McAfee also renewed its deal to sell software pre-installed on Dell PCs, and remains a darling of the analyst community.

 

It has not been all smooth sailing, though. McAfee's third-quarter earnings were hurt by costs related to its MXLogic acquisition and other charges, forcing its profit down even as revenue reached record levels. The Santa Clara, Calif.-based firm also faces a stiff challenge from newcomer ArcSight and market share leader Symantec, which is unwilling to relinquish its crown.

 

The stock: McAfee's pluses outweigh the minuses. With year-to-date gains of just over 13%, McAfee may not be the fastest-growing stock on this list, but remains one of the best-positioned companies in its sector.

 

Symantec (SYMC): Like McAfee, Symantec is benefiting from increased spending on cybersecurity, comfortably beating analysts' earnings estimates for the most recent quarter.

 

The numbers: Although consumer and small-business sales helped boost Symantec's latest numbers, the company has not had the easiest of years. The software maker missed analysts' first-quarter profit and sales estimates, as customers focused their attention on short-term contracts.

 

Symantec also missed Wall Street's fourth-quarter sales forecast, weighed down by foreign exchange pressures and a tight IT spending climate.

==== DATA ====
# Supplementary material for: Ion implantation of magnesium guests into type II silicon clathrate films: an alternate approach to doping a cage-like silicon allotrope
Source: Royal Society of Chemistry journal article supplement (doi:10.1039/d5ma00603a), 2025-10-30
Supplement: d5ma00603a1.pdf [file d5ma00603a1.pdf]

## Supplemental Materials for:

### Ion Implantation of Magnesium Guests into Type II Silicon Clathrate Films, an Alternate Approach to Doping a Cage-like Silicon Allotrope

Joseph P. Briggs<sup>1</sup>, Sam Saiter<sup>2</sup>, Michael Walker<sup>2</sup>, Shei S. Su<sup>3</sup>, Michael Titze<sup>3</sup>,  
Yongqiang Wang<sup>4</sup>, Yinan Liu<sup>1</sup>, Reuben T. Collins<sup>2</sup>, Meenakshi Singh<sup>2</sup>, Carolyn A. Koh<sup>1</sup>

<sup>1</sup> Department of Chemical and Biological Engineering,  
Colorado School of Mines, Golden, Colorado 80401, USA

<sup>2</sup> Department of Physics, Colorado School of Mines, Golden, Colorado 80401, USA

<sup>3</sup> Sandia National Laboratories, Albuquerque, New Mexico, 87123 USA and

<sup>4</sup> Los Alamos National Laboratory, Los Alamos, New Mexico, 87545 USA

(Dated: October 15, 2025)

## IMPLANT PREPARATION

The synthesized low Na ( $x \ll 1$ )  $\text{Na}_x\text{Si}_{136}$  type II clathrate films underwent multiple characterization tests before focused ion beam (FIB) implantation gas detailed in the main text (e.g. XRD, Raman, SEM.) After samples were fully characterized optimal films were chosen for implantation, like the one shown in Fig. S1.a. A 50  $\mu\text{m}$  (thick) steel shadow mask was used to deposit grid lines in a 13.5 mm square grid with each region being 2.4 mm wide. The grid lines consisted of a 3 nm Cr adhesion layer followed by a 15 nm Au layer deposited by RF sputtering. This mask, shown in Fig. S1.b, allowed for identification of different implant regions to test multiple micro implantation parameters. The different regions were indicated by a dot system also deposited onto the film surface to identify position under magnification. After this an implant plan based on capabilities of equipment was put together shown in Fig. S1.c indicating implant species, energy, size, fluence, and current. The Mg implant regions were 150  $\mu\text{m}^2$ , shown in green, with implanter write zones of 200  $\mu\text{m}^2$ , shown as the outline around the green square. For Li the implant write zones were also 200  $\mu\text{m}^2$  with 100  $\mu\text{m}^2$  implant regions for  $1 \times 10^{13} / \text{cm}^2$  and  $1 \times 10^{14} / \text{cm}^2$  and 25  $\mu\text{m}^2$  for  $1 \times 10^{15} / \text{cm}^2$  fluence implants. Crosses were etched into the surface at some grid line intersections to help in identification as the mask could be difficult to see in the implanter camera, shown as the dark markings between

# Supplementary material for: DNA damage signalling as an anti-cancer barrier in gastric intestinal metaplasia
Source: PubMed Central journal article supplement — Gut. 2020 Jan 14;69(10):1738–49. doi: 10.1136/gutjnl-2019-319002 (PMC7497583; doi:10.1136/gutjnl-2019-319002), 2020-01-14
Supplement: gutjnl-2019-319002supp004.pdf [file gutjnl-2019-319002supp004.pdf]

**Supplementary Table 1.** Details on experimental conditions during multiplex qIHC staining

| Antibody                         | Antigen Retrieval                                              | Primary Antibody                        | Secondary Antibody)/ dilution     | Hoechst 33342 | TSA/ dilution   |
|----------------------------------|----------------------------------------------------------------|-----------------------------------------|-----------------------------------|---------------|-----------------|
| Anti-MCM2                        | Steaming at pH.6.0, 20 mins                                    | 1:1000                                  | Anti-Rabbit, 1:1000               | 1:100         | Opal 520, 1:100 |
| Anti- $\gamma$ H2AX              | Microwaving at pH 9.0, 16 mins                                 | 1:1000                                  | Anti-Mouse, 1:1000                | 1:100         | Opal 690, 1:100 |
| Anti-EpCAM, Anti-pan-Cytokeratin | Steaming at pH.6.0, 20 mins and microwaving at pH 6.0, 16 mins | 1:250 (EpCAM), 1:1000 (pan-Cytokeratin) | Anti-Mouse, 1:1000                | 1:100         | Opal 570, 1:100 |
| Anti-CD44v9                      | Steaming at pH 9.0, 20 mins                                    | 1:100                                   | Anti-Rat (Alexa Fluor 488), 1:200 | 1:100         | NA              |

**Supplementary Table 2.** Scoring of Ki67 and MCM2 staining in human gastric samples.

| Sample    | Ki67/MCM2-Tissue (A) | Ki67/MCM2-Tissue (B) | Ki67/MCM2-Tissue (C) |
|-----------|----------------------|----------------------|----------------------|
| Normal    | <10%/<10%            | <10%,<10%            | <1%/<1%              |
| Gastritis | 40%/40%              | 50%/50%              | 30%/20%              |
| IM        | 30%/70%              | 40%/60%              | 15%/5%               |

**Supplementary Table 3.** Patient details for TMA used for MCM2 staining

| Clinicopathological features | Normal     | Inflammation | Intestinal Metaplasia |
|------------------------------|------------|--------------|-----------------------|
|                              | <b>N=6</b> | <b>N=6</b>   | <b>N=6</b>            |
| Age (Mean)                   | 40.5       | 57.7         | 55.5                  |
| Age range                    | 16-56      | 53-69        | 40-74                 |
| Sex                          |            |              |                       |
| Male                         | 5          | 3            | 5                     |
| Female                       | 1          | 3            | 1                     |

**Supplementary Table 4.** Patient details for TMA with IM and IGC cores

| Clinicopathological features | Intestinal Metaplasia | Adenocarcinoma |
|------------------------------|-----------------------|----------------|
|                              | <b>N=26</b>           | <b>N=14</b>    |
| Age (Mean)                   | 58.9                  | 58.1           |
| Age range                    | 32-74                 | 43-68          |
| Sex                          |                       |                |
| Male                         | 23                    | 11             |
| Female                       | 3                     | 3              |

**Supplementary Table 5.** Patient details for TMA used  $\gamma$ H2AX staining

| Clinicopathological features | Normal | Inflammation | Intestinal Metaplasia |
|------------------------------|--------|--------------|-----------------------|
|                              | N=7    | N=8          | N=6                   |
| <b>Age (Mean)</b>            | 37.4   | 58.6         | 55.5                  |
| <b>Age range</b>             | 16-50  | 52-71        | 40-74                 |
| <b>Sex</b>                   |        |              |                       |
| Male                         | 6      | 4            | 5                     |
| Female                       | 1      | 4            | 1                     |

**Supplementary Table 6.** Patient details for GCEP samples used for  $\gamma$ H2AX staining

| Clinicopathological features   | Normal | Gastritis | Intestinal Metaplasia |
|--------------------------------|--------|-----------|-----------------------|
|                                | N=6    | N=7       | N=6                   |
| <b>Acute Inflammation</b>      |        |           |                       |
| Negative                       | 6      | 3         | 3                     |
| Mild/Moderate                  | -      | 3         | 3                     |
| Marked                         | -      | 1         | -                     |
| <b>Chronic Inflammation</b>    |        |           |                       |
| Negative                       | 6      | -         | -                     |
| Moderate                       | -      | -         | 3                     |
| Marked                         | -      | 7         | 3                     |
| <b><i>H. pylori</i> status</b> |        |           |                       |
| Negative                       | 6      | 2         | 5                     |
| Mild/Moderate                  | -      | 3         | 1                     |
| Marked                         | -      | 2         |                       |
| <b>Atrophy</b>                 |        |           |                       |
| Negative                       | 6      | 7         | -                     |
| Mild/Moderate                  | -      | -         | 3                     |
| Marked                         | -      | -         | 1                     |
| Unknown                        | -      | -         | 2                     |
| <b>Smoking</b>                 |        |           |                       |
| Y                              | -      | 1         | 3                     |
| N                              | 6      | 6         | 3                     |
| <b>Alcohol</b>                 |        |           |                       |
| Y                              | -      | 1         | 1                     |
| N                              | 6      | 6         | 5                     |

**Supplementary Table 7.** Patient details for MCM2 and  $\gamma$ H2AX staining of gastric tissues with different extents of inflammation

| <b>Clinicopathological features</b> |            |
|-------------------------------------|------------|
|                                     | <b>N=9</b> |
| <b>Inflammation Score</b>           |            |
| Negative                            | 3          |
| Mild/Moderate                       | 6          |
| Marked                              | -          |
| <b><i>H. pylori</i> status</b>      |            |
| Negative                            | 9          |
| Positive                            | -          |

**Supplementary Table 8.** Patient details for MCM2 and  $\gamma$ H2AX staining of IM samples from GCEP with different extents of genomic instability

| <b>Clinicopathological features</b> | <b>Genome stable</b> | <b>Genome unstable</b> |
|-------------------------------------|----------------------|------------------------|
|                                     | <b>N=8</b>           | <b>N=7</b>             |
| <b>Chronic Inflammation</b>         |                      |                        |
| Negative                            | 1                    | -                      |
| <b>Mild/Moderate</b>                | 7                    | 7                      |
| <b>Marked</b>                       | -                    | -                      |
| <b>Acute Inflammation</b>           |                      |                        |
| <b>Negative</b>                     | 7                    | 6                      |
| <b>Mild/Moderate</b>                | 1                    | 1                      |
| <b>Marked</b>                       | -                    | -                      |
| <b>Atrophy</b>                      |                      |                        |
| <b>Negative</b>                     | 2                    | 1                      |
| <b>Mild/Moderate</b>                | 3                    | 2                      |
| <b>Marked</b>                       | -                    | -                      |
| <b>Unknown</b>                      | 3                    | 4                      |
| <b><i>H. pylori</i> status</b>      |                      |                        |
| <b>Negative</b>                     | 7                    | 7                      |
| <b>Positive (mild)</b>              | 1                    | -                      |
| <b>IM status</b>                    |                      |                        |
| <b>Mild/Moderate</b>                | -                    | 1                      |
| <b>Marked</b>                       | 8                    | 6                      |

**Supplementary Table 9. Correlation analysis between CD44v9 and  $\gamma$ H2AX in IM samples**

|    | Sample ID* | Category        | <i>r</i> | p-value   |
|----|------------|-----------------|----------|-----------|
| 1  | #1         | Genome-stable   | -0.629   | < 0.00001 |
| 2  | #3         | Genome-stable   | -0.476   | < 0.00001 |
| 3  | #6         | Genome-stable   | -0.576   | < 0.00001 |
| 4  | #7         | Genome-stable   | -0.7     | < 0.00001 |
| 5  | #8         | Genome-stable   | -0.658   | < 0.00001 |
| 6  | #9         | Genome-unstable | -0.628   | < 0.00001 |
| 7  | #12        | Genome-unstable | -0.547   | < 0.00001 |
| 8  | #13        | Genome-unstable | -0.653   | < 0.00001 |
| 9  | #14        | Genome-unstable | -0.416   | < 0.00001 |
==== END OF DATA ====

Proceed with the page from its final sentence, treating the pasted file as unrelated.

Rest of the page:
With spending starting to rebound though, things are looking up, and Symantec has already beefed up its cybersecurity strategy.

 

The Cupertino, Calif.-based firm is also keen to tap emerging technologies such as Software-as-a-Service (SaaS). During the company's analyst day earlier this year, CEO Enrique Salem predicted that Web-based software services will account for 15% of its total revenue in the next five years.

 

Salem, who succeeded John Thompson earlier this year, plans to cross-sell its archiving and backup software, and target small-to-medium-sized businesses, a strategy that seems to be working.

 

The stock: Even faced with tough competition, Symantec's shares have risen a creditable 30% this year. McAfee may be grabbing most of the plaudits at the moment, although there should still be plenty of cybersecurity dollars for Symantec in 2010.